Alexander Somervell

Alexander Somervell (1796 – 1854) was an officer in the Republic of Texas army, and participated in the ill-fated Mier Expedition.

BiographyEdit

Somervell was born June 11, 1796 in Aquasco, Prince George’s County, Maryland to James and Elizabeth (Magruder). In 1817 he relocated to Louisiana. He was a planter of St. Landry Parish. He later moved to Missouri in the early 1820s before finally moving to Texas in 1833 where he was granted land in Stephen F. Austin’s colony.[1]

During his time in Missouri, Somervell had worked as a merchant, he continued this work in Texas at San Filipe with James Franklin Perry.[2]

In 1835 Somervell joined participated in the Siege of Béxar, marching from Gonzales. On March 12, 1836 he enrolled in the newly formed Army of the Republic of Texas. He was elected lieutenant colonel of the first regiment of Texas Volunteers. He remained with the army until June 7, 1836, having participated in the Battle of San Jacinto. He later served as the Secretary of War for a brief time, on the cabinet of David G. Burnet.[3]

During the 1st Congress of the Republic of Texas, as well as the second, he represented Colorado and Austin (where he later served as county clerk) counties. He was elected brigadier general on November 18, 1839.[4]

In 1840, he was appointed commissioner during an expedition to inspect land to the west of the Brazos River.[5]

Following the invasion of San Antonio by Mexican forces led by Ráfael Vásquez) in 1842, Sam Houston gave him command of the volunteers that had gathered to face the invaders. There was a delay however, as the volunteers favored Edward Burleson. The delay allowed Vásquez to return to Mexico.[6]

In September 1842, another Mexican invasion took place in San Antonio, this time led by Adrián Woll, and Somervell was once again selected to lead the volunteers. This resulted in the Somervell Expedition. It is believed that Sam Houston chose Somervell to lead these defense forces as he did not want war with Mexico, and he knew that Somervell moved slowly, and would not cross into Mexican territory.[7]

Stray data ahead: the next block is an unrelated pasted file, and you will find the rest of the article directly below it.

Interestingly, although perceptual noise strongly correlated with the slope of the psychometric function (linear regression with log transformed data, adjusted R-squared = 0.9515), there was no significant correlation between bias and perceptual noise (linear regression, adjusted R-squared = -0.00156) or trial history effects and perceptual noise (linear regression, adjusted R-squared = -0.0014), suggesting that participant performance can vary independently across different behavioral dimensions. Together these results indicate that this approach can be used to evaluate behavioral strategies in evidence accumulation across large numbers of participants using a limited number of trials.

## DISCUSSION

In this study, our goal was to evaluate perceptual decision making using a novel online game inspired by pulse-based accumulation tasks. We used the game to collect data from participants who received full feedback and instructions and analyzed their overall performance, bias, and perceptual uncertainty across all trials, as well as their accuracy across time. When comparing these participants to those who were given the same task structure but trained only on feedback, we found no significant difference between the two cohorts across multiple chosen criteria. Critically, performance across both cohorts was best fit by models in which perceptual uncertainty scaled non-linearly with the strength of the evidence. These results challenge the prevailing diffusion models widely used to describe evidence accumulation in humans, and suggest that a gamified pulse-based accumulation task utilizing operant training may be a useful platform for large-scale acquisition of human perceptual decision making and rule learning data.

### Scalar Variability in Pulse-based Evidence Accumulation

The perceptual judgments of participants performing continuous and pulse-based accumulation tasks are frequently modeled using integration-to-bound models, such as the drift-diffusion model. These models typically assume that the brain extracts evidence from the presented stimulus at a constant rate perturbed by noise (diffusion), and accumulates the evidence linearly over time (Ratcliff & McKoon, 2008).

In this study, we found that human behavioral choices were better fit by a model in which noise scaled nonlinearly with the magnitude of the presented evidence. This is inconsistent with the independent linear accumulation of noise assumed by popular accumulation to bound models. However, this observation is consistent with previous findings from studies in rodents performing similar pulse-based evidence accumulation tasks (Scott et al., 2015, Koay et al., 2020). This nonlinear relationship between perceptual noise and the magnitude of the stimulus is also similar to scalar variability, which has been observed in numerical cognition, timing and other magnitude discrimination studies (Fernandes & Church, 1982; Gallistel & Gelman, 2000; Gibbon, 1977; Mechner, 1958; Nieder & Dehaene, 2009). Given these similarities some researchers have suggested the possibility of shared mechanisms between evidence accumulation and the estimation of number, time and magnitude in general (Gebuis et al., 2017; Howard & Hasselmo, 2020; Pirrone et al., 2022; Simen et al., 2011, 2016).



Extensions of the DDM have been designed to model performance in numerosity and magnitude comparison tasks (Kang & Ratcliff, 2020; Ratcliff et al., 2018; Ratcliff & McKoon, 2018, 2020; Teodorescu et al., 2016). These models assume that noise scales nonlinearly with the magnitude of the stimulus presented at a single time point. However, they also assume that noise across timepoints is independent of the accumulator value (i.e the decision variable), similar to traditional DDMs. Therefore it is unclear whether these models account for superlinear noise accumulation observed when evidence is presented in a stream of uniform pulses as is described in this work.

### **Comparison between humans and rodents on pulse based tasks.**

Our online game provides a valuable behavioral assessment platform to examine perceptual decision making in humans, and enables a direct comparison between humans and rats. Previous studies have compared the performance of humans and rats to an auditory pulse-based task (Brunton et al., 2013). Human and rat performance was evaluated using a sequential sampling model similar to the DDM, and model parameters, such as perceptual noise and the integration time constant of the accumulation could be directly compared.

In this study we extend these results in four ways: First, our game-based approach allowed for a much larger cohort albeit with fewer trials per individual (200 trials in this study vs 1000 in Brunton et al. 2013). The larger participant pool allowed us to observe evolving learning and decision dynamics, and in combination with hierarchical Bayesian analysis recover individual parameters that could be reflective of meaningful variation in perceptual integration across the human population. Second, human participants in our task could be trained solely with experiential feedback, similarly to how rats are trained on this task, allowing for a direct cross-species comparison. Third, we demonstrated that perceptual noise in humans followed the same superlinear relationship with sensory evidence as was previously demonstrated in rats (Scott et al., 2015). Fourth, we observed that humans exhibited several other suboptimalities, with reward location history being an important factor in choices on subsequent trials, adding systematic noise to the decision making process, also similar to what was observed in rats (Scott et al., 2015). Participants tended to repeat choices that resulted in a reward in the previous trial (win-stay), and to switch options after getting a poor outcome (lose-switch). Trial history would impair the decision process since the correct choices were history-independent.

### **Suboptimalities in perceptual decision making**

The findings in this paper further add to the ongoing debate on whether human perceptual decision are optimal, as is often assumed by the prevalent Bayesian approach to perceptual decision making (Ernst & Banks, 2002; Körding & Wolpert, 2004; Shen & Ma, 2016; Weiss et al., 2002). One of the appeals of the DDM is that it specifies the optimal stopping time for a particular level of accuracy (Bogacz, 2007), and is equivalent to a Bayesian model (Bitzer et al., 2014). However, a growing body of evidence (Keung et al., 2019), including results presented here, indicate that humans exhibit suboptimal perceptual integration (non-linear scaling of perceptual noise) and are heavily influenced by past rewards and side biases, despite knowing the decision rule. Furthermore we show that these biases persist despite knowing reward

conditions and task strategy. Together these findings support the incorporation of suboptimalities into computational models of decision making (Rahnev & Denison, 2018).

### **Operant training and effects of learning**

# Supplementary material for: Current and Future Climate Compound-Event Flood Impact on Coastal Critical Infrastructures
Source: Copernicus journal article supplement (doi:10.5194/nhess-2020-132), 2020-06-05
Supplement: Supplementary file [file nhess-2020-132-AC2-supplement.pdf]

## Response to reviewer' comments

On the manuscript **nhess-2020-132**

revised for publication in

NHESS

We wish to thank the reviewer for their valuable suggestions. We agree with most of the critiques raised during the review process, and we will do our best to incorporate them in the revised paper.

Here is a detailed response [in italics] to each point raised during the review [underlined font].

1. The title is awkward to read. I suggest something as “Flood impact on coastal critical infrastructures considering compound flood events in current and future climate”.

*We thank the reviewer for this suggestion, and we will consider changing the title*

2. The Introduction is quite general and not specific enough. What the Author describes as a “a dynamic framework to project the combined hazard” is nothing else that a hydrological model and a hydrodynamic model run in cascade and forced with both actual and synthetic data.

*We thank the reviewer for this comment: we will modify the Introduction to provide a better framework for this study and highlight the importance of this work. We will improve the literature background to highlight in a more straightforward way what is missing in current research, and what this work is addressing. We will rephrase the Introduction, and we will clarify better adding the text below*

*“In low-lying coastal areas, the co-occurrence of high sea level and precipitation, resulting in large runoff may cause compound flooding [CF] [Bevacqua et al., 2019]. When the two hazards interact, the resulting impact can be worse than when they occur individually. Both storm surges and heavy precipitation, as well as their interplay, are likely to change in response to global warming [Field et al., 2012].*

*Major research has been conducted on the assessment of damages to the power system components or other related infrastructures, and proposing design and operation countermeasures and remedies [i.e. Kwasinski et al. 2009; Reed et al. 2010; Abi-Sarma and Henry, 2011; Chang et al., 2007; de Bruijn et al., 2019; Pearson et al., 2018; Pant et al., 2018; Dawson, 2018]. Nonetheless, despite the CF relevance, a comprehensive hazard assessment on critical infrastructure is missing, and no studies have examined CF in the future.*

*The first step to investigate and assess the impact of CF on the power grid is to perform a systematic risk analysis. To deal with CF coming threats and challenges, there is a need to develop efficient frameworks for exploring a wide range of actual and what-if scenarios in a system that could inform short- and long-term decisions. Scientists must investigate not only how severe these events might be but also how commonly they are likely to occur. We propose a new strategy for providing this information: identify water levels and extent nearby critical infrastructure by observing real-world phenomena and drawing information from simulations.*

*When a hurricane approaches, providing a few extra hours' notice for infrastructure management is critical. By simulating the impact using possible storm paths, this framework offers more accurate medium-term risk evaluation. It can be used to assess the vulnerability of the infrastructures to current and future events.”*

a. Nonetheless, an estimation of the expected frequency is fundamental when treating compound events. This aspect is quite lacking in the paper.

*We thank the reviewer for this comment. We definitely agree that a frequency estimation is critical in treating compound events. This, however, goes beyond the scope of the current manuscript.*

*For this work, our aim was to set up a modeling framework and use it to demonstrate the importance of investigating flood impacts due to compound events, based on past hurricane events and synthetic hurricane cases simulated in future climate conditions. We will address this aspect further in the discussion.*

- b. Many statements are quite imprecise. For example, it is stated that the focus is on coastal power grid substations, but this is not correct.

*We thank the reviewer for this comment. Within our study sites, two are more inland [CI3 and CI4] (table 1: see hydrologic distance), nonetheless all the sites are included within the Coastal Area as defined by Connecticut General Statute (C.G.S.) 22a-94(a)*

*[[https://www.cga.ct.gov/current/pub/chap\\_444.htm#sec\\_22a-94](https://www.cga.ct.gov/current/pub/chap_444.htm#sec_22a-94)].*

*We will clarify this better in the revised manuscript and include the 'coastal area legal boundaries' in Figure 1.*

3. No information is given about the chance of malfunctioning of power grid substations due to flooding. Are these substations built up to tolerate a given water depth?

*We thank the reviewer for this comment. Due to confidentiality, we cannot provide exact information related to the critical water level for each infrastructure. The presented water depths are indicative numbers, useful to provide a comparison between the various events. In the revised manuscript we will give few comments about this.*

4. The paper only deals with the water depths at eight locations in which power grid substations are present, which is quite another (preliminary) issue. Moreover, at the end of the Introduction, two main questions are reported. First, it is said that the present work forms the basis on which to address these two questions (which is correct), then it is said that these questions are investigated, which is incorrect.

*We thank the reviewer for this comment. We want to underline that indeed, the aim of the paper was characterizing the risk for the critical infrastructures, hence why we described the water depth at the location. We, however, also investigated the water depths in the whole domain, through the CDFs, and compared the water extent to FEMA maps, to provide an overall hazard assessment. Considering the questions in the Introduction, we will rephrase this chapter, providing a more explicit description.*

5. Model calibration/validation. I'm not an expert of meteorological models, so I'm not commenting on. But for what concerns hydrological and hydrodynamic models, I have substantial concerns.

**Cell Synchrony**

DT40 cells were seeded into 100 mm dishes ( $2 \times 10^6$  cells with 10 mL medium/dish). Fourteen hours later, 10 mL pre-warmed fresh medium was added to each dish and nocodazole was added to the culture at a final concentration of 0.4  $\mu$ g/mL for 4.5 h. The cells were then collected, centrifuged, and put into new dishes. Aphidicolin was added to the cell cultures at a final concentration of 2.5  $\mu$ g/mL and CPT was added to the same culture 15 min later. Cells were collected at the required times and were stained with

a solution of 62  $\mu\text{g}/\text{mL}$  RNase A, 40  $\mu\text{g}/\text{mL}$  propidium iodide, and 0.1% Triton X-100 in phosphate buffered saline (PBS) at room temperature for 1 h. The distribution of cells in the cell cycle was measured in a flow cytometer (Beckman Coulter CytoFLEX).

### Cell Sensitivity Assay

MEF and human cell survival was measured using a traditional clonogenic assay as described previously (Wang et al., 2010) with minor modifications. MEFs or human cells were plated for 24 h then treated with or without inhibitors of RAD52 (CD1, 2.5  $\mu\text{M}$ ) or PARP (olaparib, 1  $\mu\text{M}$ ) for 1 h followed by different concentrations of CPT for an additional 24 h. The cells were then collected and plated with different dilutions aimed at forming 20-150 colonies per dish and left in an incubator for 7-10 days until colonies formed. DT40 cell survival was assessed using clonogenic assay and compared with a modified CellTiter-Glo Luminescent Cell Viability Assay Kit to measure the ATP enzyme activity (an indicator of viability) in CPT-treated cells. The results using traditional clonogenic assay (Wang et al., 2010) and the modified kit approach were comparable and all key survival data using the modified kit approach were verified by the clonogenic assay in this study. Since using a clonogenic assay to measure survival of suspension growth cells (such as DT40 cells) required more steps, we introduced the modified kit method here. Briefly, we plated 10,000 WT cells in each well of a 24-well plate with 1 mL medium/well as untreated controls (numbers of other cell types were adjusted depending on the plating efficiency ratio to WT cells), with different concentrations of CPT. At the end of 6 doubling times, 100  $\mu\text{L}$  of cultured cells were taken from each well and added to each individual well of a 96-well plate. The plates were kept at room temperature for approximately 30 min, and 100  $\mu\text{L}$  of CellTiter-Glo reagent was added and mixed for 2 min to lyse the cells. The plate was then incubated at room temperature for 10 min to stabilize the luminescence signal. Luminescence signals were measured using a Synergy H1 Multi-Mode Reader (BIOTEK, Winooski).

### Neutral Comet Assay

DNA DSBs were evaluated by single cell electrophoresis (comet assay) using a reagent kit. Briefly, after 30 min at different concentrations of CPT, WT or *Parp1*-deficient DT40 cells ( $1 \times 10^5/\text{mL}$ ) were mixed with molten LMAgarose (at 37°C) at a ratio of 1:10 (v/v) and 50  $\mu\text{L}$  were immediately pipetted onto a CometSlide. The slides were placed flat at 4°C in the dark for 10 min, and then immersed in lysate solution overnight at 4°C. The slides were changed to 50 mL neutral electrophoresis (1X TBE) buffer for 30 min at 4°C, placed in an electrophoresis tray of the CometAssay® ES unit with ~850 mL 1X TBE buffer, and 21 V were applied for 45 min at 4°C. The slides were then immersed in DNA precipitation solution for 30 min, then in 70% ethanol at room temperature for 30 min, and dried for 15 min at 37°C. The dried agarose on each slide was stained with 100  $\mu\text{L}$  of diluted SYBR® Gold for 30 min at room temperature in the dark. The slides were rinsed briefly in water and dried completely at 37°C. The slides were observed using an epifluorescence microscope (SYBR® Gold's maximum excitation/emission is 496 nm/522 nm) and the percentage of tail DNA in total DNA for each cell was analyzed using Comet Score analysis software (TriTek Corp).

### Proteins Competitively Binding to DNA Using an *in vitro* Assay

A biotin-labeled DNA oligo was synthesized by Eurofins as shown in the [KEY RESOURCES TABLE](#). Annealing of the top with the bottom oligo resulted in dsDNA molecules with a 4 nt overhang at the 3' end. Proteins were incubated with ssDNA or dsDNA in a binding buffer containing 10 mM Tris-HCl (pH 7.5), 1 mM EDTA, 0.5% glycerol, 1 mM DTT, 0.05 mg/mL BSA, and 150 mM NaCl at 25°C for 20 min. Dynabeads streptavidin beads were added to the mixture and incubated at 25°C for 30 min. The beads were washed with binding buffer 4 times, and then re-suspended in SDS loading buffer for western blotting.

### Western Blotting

On December 17, 1842 he was appointed collector of customs at the Port of Calhoun at Matagorda Bay. He would hold this position until 1850.[8]

Somervell was instrumental in the development of the town of Saluria on Matagorda Island. In 1853, a year prior to his death, he was once again appointed as collector of customs at Indianola.[9]

Somervell died on January 20, 1854. He drowned and his body was found cling to the wreck of a boat that was carrying a large sum of money. In his will he named James Franklin Perry as his executor, although Perry would himself have passed away by this time. The Majority of his wealth was left to his brother James.[10]

LegacyEdit

Somervell County, Texas is named for Alexander Somervell.

ReferencesEdit

  1. ^ "TSHA | Somervell, Alexander". www.tshaonline.org. Retrieved 2021-05-26.
  2. ^ "Alexander Somervell – a True Texas Hero". texasheroesfoundation.org. Retrieved 2021-05-26.
  3. ^ "San Jacinto Museum of History - Bio page". San Jacinto Museum of History. Retrieved 2021-05-26.
  4. ^ "Alexander Somervell to Sam Houston, March 31, 1842 | TSLAC". www.tsl.texas.gov. Retrieved 2021-05-26.
  5. ^ "The Mier Expedition". www.shsu.edu. Retrieved 2021-05-26.
  6. ^ User, Super. "Travis County Clerk - Affidavit from Alexander Somervell". countyclerk.traviscountytx.gov. Retrieved 2021-05-26.
  7. ^ "TSHA | Somervell Expedition". www.tshaonline.org. Retrieved 2021-05-26.
  8. ^ "University of Houston Digital Library: Early Texas Documents: Bill from Alexander Somervell to Nestor Clay". digital.lib.uh.edu. Retrieved 2021-05-26.
  9. ^ "TSHA | Saluria, TX". www.tshaonline.org. Retrieved 2021-05-26.
  10. ^ "Biographies of Somervell County, Texas". genealogytrails.com. Retrieved 2021-05-26.